BA and American seek fresh approval for transatlantic link

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The Independent Online

British Airways and American Airlines resurrected plans yesterday to merge their transatlantic services in a far-reaching move which would open Heathrow airport to rival airlines.

The two carriers will file for approval of their alliance next week with competition authorities in London, Brussels and Washington. If they receive anti-trust immunity, BA and American will be able to pool schedules, revenues and profits on their key routes across the Atlantic, code-share with one another and operate a joint frequent flyer programme.

At the same time, the US and UK governments would need to strike an "open skies" agreement on transatlantic air services, resulting in an increase in the number of carriers allowed access to Heathrow.

BA's chief executive, Rod Eddington, and his opposite number at American, Don Carty, pledged that the tie-up would mean lower air fares and more competition and put their Oneworld alliance on an equal footing with airline groupings such as the Star Alliance.

But the plan is certain to face objections from other airlines, such as British Midland and Virgin Atlantic, because of the dominant market position it will give BA and American.

BA and American last attempted a transatlantic merger five years ago but gave up after a two-year struggle against US and European regulators who demanded the surrender of 267 take-off and landing slots at Heathrow. The two airlines expressed optimism last night that regulatory approval would be forthcoming this time.

Andrew Cahn, BA's director of industry and government affairs, said: "We have been talking informally to regulators in the last few weeks and there is a will on all sides to move quickly. I think the regulators will want to deal with this expeditiously."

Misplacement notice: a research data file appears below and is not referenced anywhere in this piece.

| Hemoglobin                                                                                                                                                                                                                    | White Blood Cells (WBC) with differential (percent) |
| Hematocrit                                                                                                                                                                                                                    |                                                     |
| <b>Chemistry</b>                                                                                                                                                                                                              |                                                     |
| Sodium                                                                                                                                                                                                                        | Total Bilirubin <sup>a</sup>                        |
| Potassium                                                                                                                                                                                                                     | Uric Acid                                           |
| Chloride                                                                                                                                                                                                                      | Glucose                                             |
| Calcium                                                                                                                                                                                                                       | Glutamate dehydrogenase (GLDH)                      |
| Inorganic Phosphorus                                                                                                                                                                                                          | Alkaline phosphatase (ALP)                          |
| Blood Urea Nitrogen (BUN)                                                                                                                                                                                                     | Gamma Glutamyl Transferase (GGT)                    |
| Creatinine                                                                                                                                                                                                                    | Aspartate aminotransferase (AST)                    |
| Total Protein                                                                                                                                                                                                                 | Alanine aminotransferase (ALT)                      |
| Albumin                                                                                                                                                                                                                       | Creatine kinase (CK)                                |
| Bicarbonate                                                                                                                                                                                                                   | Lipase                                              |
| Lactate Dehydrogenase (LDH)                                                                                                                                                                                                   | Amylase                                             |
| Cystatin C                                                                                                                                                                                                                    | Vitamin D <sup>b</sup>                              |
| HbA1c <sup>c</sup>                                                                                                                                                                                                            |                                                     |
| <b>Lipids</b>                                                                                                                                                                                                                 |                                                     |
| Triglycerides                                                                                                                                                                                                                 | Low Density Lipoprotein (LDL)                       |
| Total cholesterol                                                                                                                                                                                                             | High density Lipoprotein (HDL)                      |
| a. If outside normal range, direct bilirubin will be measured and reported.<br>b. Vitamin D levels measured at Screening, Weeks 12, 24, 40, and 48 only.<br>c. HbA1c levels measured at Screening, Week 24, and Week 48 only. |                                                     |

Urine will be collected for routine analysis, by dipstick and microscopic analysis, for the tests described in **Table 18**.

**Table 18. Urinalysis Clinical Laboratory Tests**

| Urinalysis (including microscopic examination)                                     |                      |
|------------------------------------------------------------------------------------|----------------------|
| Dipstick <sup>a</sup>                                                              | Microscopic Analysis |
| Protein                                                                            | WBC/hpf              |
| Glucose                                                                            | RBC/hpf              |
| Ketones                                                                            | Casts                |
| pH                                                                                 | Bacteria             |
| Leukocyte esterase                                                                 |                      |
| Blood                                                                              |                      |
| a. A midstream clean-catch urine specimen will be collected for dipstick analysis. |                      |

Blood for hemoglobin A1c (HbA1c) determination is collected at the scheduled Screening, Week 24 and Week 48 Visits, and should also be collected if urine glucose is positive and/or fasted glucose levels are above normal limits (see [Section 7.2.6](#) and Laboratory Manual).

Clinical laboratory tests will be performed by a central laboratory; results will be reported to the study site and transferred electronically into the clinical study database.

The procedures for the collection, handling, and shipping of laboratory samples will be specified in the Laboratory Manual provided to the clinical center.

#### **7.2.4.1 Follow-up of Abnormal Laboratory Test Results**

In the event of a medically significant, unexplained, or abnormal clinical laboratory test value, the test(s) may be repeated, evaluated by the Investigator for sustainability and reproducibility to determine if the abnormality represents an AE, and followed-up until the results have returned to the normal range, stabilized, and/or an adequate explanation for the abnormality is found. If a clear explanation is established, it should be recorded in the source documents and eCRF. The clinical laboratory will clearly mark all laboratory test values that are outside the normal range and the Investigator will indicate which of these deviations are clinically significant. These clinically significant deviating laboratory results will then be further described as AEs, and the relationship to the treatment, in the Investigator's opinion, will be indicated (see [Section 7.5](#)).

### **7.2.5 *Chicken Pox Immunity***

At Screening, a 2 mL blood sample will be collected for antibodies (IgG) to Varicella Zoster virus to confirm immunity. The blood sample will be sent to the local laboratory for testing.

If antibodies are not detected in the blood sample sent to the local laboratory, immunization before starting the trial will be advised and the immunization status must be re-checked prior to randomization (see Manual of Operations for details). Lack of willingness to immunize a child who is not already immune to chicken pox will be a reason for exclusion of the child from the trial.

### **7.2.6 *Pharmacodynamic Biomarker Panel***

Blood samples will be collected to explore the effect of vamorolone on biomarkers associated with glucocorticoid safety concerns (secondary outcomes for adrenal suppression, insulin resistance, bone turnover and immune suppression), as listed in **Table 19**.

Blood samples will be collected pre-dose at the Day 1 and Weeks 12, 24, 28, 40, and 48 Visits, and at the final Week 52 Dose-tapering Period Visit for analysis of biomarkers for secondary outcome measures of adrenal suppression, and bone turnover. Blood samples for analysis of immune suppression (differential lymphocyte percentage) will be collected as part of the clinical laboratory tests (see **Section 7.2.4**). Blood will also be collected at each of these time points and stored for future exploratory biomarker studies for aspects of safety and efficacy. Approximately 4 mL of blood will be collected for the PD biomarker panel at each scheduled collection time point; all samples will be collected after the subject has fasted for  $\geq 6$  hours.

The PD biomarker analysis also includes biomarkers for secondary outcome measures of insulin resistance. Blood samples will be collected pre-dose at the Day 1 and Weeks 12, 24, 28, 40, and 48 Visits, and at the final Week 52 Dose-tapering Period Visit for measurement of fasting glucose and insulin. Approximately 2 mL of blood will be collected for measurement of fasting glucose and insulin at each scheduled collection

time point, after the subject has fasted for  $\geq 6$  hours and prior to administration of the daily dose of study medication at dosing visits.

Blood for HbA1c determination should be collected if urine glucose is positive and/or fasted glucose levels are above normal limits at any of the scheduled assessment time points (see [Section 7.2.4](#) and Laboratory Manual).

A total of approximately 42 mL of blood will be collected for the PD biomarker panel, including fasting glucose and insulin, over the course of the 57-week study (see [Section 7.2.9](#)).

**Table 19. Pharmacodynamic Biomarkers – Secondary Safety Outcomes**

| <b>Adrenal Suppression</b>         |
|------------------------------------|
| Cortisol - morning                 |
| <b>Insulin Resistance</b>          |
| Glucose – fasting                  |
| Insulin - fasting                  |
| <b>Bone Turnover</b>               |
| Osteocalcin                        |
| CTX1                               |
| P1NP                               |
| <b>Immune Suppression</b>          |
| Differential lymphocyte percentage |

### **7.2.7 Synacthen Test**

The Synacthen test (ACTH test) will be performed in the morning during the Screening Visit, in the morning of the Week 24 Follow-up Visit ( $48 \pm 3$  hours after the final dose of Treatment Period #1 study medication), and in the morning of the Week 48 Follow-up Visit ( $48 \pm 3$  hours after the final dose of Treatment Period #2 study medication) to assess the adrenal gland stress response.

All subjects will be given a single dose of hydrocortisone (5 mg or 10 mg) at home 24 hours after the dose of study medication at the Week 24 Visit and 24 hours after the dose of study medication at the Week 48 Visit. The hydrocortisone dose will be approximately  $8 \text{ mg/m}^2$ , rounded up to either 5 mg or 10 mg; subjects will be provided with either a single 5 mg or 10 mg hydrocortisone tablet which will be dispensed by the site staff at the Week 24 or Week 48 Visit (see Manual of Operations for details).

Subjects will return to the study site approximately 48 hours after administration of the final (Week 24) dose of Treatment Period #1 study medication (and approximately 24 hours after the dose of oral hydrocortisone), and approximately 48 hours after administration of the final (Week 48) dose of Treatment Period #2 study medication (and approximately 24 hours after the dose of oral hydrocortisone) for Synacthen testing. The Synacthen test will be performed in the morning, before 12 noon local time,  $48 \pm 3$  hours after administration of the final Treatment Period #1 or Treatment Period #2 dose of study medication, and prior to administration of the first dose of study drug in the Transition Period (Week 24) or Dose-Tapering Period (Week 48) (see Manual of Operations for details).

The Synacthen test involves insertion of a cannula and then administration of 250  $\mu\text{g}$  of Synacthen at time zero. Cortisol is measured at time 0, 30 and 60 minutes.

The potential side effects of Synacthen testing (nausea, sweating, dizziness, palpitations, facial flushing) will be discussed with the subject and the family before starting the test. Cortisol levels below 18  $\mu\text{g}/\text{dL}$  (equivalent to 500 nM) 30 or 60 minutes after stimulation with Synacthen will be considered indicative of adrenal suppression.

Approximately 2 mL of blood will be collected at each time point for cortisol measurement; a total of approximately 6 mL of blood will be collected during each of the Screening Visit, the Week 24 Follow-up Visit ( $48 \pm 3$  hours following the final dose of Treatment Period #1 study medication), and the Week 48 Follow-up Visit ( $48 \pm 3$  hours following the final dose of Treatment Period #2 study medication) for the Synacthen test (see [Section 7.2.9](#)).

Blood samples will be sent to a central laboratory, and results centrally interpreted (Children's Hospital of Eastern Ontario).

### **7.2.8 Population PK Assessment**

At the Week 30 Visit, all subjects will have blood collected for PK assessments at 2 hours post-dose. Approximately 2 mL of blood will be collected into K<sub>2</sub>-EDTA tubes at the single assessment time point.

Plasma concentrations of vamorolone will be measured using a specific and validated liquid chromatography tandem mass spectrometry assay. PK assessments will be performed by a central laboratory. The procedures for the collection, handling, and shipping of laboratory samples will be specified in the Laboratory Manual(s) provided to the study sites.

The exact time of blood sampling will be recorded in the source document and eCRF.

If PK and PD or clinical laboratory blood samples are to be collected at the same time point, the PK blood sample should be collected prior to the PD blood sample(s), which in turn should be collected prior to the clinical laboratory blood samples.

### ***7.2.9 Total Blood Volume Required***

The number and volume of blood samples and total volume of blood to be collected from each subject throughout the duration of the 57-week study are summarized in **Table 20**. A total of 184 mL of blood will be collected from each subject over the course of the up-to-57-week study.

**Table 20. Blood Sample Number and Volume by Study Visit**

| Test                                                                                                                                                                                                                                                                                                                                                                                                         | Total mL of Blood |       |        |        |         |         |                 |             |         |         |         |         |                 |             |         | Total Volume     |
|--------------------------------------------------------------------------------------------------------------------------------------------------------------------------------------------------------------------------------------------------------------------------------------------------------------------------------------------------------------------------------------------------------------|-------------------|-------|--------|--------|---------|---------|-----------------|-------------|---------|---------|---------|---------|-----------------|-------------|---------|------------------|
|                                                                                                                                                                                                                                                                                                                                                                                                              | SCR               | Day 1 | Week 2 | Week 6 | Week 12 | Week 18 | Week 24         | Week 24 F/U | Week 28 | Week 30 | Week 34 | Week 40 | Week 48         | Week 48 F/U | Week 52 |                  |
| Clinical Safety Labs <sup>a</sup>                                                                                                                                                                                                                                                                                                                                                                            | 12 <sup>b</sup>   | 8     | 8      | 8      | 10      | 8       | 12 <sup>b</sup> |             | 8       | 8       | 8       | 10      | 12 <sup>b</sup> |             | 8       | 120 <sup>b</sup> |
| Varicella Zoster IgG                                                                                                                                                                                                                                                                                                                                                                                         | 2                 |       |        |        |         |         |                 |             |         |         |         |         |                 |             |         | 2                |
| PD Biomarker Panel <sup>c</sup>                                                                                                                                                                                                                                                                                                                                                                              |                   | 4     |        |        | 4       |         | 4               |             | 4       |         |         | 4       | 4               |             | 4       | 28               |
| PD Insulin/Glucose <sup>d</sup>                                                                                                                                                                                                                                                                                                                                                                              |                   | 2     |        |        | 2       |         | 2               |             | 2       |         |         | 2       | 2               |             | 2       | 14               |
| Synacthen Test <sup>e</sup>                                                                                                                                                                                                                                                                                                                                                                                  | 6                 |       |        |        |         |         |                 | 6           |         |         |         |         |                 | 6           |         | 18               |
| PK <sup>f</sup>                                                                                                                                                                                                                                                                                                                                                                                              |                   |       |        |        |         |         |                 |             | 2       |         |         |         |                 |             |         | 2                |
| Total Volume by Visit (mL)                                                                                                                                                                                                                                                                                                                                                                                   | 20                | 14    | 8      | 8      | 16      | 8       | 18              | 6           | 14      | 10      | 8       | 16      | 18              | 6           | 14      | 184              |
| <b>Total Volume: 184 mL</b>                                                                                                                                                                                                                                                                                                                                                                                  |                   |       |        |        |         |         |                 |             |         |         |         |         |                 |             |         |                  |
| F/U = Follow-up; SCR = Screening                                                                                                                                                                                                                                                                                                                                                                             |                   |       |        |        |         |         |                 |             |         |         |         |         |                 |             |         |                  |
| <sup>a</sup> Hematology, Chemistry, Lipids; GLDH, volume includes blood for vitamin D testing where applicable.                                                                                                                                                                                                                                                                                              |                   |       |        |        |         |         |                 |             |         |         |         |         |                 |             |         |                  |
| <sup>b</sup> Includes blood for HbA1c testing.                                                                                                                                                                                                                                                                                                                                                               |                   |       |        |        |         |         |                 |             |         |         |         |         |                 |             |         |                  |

Mr Carty and Mr Eddington briefed the new US Transportation Secretary, Norman Mineta, in June and Mr Eddington held discussions with Britain's new Transport Secretary, Stephen Byers, last month.

Executives from the two airlines said that since their last merger attempt in 1996 there had been significant changes in the airline market. International alliances had grown in size and there had been a decline in Heathrow's dominant position relative to other European airports such as Paris, Frankfurt and Amsterdam.

The Star Alliance, which is led by Lufthansa and United Airlines and includes British Midland among its 13 members, had also decided to create a "hub" at Heathrow.

BA and its Oneworld partners hold 47 per cent of slots at Heathrow while the Star Alliance has 27 per cent. By comparison, KLM and Northwest, partners in the Wings alliance, have 70 per cent of slots at Amsterdam while Lufthansa and United have a similar proportion at Frankfurt.

BA and American hope to get away with minimal slot disposals. But a spokesman for British Midland, which wants to start services to four US destinations next year, said: "There has to be slot divestment. It is impossible for the deal to go ahead without that."

The current air services agreement between the US and UK, Bermuda 2, allows only four airlines to fly direct from Heathrow and restricts the number of American cities which may be served to just 12.

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